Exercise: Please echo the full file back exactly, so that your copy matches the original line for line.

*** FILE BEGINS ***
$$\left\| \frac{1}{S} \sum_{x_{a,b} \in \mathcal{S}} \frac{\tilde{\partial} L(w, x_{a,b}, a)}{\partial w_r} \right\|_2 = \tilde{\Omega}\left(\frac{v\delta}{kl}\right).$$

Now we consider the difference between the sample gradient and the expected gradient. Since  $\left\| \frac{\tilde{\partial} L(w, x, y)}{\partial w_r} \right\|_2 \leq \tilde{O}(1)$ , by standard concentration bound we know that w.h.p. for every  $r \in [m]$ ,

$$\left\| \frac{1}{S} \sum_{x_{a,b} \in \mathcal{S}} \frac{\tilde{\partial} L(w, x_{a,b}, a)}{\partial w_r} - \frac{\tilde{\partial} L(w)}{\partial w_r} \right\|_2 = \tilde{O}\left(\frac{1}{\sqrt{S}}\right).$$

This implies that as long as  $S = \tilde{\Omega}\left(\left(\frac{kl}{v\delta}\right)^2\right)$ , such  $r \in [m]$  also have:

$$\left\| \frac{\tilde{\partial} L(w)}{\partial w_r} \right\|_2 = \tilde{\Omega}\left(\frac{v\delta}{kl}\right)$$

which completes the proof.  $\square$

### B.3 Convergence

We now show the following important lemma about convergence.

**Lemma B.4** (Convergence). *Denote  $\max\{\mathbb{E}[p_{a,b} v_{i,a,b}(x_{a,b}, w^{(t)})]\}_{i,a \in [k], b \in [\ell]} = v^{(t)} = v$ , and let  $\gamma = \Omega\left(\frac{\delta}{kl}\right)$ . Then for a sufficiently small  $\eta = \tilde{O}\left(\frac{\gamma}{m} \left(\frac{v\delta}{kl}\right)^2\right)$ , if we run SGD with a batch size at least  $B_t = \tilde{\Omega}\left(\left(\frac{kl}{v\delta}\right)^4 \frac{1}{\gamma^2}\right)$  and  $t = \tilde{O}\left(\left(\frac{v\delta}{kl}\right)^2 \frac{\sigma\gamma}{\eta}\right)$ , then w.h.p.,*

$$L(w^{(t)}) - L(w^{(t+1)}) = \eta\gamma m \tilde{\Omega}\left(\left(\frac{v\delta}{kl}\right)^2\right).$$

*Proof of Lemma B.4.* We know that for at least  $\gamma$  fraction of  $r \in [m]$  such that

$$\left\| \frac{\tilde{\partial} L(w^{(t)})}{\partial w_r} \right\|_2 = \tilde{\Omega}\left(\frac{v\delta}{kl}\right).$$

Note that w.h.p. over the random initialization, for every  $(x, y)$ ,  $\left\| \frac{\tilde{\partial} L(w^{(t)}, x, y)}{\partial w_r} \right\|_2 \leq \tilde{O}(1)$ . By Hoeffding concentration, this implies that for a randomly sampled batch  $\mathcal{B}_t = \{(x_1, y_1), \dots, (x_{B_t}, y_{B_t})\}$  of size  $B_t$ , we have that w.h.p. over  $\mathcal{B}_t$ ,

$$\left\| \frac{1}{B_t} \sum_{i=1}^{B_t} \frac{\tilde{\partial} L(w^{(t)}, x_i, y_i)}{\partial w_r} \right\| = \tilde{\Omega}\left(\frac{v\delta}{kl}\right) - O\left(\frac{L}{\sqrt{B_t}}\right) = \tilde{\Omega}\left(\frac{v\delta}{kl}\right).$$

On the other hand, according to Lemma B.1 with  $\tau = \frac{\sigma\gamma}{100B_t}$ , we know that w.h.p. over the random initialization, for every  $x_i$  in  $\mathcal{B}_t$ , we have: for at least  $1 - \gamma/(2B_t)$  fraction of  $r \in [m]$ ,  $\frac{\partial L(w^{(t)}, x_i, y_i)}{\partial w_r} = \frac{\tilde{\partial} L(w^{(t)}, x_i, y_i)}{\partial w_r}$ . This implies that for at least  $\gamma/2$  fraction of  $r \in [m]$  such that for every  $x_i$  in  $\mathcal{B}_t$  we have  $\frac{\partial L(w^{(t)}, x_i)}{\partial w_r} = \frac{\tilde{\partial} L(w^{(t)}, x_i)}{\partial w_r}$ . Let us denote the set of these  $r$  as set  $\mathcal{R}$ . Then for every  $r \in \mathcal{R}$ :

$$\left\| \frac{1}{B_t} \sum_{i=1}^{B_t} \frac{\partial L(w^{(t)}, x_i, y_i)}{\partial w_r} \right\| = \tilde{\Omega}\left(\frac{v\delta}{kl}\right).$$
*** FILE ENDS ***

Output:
$$\left\| \frac{1}{S} \sum_{x_{a,b} \in \mathcal{S}} \frac{\tilde{\partial} L(w, x_{a,b}, a)}{\partial w_r} \right\|_2 = \tilde{\Omega}\left(\frac{v\delta}{kl}\right).$$

Now we consider the difference between the sample gradient and the expected gradient. Since  $\left\| \frac{\tilde{\partial} L(w, x, y)}{\partial w_r} \right\|_2 \leq \tilde{O}(1)$ , by standard concentration bound we know that w.h.p. for every  $r \in [m]$ ,

$$\left\| \frac{1}{S} \sum_{x_{a,b} \in \mathcal{S}} \frac{\tilde{\partial} L(w, x_{a,b}, a)}{\partial w_r} - \frac{\tilde{\partial} L(w)}{\partial w_r} \right\|_2 = \tilde{O}\left(\frac{1}{\sqrt{S}}\right).$$

This implies that as long as  $S = \tilde{\Omega}\left(\left(\frac{kl}{v\delta}\right)^2\right)$ , such  $r \in [m]$  also have:

$$\left\| \frac{\tilde{\partial} L(w)}{\partial w_r} \right\|_2 = \tilde{\Omega}\left(\frac{v\delta}{kl}\right)$$

which completes the proof.  $\square$

### B.3 Convergence

We now show the following important lemma about convergence.

**Lemma B.4** (Convergence). *Denote  $\max\{\mathbb{E}[p_{a,b} v_{i,a,b}(x_{a,b}, w^{(t)})]\}_{i,a \in [k], b \in [\ell]} = v^{(t)} = v$ , and let  $\gamma = \Omega\left(\frac{\delta}{kl}\right)$ . Then for a sufficiently small  $\eta = \tilde{O}\left(\frac{\gamma}{m} \left(\frac{v\delta}{kl}\right)^2\right)$ , if we run SGD with a batch size at least  $B_t = \tilde{\Omega}\left(\left(\frac{kl}{v\delta}\right)^4 \frac{1}{\gamma^2}\right)$  and  $t = \tilde{O}\left(\left(\frac{v\delta}{kl}\right)^2 \frac{\sigma\gamma}{\eta}\right)$ , then w.h.p.,*

$$L(w^{(t)}) - L(w^{(t+1)}) = \eta\gamma m \tilde{\Omega}\left(\left(\frac{v\delta}{kl}\right)^2\right).$$

*Proof of Lemma B.4.* We know that for at least  $\gamma$  fraction of  $r \in [m]$  such that

$$\left\| \frac{\tilde{\partial} L(w^{(t)})}{\partial w_r} \right\|_2 = \tilde{\Omega}\left(\frac{v\delta}{kl}\right).$$

Note that w.h.p. over the random initialization, for every  $(x, y)$ ,  $\left\| \frac{\tilde{\partial} L(w^{(t)}, x, y)}{\partial w_r} \right\|_2 \leq \tilde{O}(1)$ . By Hoeffding concentration, this implies that for a randomly sampled batch  $\mathcal{B}_t = \{(x_1, y_1), \dots, (x_{B_t}, y_{B_t})\}$  of size  $B_t$ , we have that w.h.p. over  $\mathcal{B}_t$ ,

$$\left\| \frac{1}{B_t} \sum_{i=1}^{B_t} \frac{\tilde{\partial} L(w^{(t)}, x_i, y_i)}{\partial w_r} \right\| = \tilde{\Omega}\left(\frac{v\delta}{kl}\right) - O\left(\frac{L}{\sqrt{B_t}}\right) = \tilde{\Omega}\left(\frac{v\delta}{kl}\right).$$

On the other hand, according to Lemma B.1 with  $\tau = \frac{\sigma\gamma}{100B_t}$ , we know that w.h.p. over the random initialization, for every  $x_i$  in  $\mathcal{B}_t$ , we have: for at least  $1 - \gamma/(2B_t)$  fraction of  $r \in [m]$ ,  $\frac{\partial L(w^{(t)}, x_i, y_i)}{\partial w_r} = \frac{\tilde{\partial} L(w^{(t)}, x_i, y_i)}{\partial w_r}$ . This implies that for at least  $\gamma/2$  fraction of  $r \in [m]$  such that for every  $x_i$  in  $\mathcal{B}_t$  we have  $\frac{\partial L(w^{(t)}, x_i)}{\partial w_r} = \frac{\tilde{\partial} L(w^{(t)}, x_i)}{\partial w_r}$ . Let us denote the set of these  $r$  as set  $\mathcal{R}$ . Then for every  $r \in \mathcal{R}$ :

$$\left\| \frac{1}{B_t} \sum_{i=1}^{B_t} \frac{\partial L(w^{(t)}, x_i, y_i)}{\partial w_r} \right\| = \tilde{\Omega}\left(\frac{v\delta}{kl}\right).$$